The Game of Thrones finale put the most pressing question -- who won the Iron Throne? -- to rest, but, perhaps as expected, the finale ended up raising many more questions and creating some nonsensical plot holes. (How, for example, did Emilia Clarke's Daenerys Targaryen have time and means to get a perfect manicure, fresh braids, and a new outfit just after committing genocide?) Surely, people will argue over whether Tyrion is fit to lead the Small Council for weeks to come, but another particularly puzzling moment occurred when Drogon rolled up on Jon Snow (Kit Harington) and decided he would let the man who murdered his mother go free.
That Dany would indeed lose her life in the finale did not come as a surprise to die-hard Game of Thrones fans; neither was Bran's ascension to the highest post in Westeros. What nobody could've predicted though, was that after Jon extinguished Dany's life, he'd stand over her like some dimwitted thief on an episode of Cops who doesn't even have enough sense to run before the cops show up. As Jon stood mourning the entirely justified but still heartbreaking assassination, Dany's remaining dragon, Drogon, appeared out of the gray sky, likely sensing his mother's peril. Granted, Drogon's discovery was a beautiful, tragic scene, and though GoT's dragons can't convey too much emotion on their gnarly faces, his pain felt palpable. Drogon clearly understood what had happened; he nudged her lifeless body, and while I can't speak to the clarity of dragon vision, he'd have been hard-pressed to miss the dagger poking out of her heart. (For a minute there, it looked like he was going to pluck it out of her with his teeth, right?) This is where things got weird.
Drogon opened his throat and let the fire rip -- but not at the obvious culprit, Jon. Instead, Drogon turned his ferocious fury onto the throne, dracarys-ing the coveted seat of kings until it resembled the liquified metal in a Terminator movie. Jon bravely stared Drogon down until the dragon scooped up Dany's body and flew away.
I'm sorry, what? Come again?
This made zero sense, because it means the dragon not only understood that Jon killed Dany over the throne, but that he knew the throne was the root of all evil and must be destroyed. Awfully esoteric for a dragon, no? It also means that the beast, lukewarm at best about Jon in the first place, chose to pardon him just moments after Jon betrayed their family and robbed him of his protector. Really? Countless people and two of his dragon siblings were killed in pursuit of this throne, and we've seen Drogon exact revenge before, but when practically witnessing the murder of his parent, Drogon just threw a tantrum and flew away? Sure, Jan.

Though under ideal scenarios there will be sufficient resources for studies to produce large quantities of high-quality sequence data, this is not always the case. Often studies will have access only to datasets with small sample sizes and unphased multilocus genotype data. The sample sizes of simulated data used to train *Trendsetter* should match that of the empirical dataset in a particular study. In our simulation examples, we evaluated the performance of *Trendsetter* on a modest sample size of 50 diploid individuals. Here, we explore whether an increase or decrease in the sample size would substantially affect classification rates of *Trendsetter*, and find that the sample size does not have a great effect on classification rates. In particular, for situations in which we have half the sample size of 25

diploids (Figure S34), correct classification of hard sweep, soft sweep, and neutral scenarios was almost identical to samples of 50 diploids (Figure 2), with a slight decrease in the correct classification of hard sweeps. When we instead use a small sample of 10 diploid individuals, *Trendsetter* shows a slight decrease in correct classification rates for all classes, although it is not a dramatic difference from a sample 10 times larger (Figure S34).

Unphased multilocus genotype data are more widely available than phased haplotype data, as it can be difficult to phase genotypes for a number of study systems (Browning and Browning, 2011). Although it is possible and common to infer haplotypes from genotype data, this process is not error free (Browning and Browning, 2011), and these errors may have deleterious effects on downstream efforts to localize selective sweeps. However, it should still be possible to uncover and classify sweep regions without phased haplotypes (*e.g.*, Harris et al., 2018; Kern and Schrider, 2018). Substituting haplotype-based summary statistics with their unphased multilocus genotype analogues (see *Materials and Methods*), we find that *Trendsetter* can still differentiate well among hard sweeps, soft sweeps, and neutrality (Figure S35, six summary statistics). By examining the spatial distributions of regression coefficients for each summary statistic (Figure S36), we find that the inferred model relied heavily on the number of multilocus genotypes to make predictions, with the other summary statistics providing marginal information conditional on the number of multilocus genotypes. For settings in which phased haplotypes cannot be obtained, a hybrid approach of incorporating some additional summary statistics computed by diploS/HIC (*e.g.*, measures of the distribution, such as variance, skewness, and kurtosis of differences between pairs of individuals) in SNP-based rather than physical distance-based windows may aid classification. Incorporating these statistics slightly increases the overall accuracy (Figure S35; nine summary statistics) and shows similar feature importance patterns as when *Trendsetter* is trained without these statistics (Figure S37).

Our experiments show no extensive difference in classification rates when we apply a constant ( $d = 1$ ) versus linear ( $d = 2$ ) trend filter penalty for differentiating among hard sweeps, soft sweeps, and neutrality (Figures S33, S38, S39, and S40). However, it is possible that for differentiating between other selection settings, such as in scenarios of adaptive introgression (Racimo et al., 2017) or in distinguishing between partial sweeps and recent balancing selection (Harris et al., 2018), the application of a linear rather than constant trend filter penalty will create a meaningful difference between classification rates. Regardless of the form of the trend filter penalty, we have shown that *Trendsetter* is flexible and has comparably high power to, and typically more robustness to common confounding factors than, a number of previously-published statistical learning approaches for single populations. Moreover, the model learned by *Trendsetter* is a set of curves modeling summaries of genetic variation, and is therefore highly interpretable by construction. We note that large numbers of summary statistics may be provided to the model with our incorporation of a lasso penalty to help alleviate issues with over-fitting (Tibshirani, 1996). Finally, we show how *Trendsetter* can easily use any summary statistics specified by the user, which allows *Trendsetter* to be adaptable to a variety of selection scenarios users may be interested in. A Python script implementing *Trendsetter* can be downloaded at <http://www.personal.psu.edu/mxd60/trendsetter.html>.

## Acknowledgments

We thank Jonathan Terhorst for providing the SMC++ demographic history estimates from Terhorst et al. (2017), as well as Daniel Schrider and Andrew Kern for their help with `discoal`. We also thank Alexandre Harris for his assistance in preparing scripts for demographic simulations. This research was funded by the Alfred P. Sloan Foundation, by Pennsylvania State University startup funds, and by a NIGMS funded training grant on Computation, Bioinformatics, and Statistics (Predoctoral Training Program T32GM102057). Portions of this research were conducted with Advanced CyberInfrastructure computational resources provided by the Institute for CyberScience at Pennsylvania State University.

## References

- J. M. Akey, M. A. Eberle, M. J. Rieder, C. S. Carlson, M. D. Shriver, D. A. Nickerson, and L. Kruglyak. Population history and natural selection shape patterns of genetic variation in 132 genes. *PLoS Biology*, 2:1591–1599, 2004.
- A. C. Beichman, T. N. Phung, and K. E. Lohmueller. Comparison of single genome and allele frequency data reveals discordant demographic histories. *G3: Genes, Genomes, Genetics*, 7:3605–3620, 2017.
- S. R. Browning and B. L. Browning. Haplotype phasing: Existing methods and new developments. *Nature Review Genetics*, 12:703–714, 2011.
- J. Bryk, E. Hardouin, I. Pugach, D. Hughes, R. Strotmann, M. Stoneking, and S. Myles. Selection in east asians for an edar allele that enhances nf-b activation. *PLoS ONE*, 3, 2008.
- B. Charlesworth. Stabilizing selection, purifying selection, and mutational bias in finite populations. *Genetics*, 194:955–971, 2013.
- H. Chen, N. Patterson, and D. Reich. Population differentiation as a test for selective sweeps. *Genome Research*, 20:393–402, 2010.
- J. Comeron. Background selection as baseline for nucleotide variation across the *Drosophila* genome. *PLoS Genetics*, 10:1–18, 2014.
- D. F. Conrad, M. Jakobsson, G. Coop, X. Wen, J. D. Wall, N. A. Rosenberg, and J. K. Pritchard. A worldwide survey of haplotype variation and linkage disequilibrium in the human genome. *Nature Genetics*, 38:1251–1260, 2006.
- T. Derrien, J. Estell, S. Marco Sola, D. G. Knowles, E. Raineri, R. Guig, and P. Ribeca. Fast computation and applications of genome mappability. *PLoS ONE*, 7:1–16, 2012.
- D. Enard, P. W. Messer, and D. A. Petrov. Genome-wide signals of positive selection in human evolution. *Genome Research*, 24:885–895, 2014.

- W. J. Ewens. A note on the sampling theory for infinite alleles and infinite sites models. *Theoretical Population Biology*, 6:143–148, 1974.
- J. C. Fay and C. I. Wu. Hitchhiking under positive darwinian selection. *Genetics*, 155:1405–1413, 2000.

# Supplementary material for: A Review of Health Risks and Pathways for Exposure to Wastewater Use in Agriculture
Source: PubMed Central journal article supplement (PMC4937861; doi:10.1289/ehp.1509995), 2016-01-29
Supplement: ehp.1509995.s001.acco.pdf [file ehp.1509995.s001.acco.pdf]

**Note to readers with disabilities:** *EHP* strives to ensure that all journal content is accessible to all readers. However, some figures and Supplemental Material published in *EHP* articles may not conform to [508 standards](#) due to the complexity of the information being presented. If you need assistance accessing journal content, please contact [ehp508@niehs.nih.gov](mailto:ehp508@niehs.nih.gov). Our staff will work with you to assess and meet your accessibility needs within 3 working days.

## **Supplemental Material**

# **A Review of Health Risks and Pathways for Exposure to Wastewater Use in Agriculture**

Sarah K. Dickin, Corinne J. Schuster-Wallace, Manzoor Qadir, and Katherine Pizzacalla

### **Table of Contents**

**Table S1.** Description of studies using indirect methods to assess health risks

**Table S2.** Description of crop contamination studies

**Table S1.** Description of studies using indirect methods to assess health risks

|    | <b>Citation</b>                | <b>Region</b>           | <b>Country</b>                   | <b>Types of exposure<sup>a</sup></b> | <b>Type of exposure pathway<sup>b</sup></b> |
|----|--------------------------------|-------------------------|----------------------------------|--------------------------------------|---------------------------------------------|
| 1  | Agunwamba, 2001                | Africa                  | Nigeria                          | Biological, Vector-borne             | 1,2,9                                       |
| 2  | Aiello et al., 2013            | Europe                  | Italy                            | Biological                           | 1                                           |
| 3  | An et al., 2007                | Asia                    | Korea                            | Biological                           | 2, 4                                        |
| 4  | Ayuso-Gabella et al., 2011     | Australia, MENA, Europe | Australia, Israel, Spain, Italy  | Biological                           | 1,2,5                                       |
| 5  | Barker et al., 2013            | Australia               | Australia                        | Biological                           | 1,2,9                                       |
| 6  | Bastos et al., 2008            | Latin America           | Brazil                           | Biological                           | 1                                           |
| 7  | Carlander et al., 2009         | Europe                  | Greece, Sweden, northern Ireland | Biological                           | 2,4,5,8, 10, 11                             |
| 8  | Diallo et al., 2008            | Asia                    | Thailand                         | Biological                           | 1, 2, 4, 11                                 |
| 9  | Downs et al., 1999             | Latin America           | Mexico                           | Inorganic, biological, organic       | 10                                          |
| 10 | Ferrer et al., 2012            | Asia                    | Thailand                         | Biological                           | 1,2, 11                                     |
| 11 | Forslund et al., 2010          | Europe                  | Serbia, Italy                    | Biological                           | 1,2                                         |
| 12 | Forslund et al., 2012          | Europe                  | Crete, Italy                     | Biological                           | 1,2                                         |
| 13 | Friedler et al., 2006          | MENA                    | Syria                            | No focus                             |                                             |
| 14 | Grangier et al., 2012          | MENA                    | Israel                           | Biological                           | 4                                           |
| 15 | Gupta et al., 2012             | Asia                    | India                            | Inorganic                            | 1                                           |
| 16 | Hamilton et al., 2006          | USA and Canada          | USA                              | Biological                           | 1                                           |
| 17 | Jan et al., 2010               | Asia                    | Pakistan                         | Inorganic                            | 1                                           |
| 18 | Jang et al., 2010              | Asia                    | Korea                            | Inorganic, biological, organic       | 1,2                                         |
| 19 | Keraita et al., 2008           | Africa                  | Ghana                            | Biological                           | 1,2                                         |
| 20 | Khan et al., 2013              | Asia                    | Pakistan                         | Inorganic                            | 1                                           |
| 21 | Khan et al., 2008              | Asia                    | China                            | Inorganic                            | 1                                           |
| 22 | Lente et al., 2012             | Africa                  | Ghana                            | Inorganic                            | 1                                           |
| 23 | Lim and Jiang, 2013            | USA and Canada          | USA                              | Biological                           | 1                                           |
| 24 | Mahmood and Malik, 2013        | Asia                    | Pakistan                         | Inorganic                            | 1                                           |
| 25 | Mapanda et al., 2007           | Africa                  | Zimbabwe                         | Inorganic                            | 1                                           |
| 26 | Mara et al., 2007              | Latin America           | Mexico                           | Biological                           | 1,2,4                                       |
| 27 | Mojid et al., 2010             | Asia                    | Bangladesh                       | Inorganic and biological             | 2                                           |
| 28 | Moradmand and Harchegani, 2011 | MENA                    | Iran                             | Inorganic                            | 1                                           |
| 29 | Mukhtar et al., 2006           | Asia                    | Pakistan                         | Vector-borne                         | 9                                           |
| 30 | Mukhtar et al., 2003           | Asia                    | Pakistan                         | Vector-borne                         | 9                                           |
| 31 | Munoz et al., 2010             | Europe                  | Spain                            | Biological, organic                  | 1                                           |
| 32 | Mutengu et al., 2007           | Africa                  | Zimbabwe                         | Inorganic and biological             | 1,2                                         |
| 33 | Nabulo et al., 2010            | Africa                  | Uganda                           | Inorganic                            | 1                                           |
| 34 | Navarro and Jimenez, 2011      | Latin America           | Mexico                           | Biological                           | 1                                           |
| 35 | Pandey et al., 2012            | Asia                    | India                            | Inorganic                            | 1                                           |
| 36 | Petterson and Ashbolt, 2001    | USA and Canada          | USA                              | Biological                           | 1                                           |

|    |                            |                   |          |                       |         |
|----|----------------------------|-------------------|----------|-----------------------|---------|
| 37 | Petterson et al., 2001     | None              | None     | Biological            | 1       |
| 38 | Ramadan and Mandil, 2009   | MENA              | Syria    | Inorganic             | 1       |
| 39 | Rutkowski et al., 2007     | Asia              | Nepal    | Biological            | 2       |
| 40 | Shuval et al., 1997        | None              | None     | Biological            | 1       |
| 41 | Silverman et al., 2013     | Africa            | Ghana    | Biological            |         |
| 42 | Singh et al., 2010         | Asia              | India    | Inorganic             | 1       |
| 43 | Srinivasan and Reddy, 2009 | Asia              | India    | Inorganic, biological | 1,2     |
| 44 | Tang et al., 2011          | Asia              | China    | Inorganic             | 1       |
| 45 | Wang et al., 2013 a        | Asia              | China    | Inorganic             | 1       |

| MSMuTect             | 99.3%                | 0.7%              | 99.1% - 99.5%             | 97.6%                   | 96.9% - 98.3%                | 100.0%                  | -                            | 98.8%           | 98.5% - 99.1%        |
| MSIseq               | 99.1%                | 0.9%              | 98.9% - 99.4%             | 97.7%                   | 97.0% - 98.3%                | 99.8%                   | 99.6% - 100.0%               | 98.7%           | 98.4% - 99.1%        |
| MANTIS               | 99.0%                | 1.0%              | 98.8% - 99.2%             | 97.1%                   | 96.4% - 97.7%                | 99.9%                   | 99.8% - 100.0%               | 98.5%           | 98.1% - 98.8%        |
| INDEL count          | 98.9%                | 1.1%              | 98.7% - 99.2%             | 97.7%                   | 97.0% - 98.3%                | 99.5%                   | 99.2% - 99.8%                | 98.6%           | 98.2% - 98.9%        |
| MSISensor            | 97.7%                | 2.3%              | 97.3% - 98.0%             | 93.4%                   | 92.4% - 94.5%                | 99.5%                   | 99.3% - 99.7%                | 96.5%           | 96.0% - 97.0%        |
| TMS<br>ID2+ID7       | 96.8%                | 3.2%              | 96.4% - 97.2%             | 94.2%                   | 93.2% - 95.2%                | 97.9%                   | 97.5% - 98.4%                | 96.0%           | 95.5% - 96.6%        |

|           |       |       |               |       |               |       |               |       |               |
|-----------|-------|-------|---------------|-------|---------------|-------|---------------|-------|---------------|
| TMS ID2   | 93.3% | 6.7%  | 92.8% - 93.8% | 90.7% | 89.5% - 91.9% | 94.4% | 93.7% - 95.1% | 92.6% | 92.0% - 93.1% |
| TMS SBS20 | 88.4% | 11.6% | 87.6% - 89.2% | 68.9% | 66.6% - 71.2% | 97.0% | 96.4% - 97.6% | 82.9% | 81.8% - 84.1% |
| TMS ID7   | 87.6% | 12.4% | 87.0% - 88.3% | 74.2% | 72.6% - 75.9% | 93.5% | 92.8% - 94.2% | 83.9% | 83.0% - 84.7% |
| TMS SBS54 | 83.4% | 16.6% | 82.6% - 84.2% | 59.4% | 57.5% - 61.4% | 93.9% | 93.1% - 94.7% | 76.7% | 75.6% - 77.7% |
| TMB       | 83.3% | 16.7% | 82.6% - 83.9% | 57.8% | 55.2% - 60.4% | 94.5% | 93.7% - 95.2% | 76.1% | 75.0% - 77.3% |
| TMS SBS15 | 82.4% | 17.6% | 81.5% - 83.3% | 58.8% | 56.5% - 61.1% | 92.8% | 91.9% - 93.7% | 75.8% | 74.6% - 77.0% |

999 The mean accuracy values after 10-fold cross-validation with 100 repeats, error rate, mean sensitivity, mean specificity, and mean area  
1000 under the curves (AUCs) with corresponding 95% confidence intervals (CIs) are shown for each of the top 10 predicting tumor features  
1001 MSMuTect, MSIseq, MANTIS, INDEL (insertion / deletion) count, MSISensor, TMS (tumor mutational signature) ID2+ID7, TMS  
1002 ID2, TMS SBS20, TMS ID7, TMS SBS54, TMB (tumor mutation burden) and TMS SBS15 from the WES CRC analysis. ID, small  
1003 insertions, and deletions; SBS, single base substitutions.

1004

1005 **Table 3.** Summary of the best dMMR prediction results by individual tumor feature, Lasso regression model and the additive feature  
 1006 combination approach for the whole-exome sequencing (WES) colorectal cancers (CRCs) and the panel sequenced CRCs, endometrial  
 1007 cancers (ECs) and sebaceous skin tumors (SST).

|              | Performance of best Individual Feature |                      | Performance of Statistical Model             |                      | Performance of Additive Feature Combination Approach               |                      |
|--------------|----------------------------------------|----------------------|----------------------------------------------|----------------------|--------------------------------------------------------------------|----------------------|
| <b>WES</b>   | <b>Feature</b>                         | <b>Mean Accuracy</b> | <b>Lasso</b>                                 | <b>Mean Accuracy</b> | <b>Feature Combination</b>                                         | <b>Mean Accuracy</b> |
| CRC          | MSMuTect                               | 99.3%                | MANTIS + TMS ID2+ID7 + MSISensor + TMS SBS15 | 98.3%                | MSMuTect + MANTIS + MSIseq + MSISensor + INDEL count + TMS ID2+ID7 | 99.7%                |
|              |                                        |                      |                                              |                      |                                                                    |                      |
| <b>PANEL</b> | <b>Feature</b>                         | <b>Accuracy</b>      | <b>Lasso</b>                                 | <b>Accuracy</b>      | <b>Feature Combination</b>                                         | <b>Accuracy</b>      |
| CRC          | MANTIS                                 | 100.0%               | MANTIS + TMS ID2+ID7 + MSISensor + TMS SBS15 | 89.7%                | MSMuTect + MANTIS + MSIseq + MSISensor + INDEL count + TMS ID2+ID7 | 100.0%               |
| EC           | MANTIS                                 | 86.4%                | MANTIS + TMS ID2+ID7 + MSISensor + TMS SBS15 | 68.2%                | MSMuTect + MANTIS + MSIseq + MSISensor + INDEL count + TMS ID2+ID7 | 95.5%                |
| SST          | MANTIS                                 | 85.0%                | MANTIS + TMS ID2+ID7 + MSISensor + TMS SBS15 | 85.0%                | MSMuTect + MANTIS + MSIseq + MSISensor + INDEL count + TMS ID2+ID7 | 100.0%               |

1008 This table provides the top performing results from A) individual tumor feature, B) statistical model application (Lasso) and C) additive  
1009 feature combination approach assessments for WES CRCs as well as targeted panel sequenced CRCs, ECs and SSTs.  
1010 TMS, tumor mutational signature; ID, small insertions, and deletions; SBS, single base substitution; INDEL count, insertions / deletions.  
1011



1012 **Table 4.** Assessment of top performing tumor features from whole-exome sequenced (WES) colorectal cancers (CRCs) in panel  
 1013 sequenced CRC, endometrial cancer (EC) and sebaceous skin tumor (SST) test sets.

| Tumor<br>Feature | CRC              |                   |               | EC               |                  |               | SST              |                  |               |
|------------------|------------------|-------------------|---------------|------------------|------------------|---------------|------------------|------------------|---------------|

Yeah, yeah, Jon has Targaryen blood, but does he have enough to survive dragonfire? It would have been fun to find out. And even if GoT's creators wanted to reserve the honor of being the Unburnt for Daenerys alone, a cat-and-mouse chase between Drogon and Jon might've livened the largely dull episode up a bit to make us at least wonder if the Queenslayer would survive. But having a sentient weapon of mass destruction just fly away without so much as an attempt to punish the offender seems too far a stretch of credulity.
Where'd he go? Back to Essos where he was born perhaps? To eat Dany's remains? Judging by Sam's intel, Drogon may have headed back to Old Valyria to live with the stone men again. It was where he'd made a home for himself while his mom was in Meereen, as he was spotted there by Jorah (Iain Glen) and Tyrion (Peter Dinklage) during their trek through the ancient ruins. Maybe Drogon will pen his own tell-all with the answers. Or perhaps King Bran will use his creepy warging powers to locate him and get to the bottom of it. Clearly, he's the only person left who understands what the hell was happening on this show.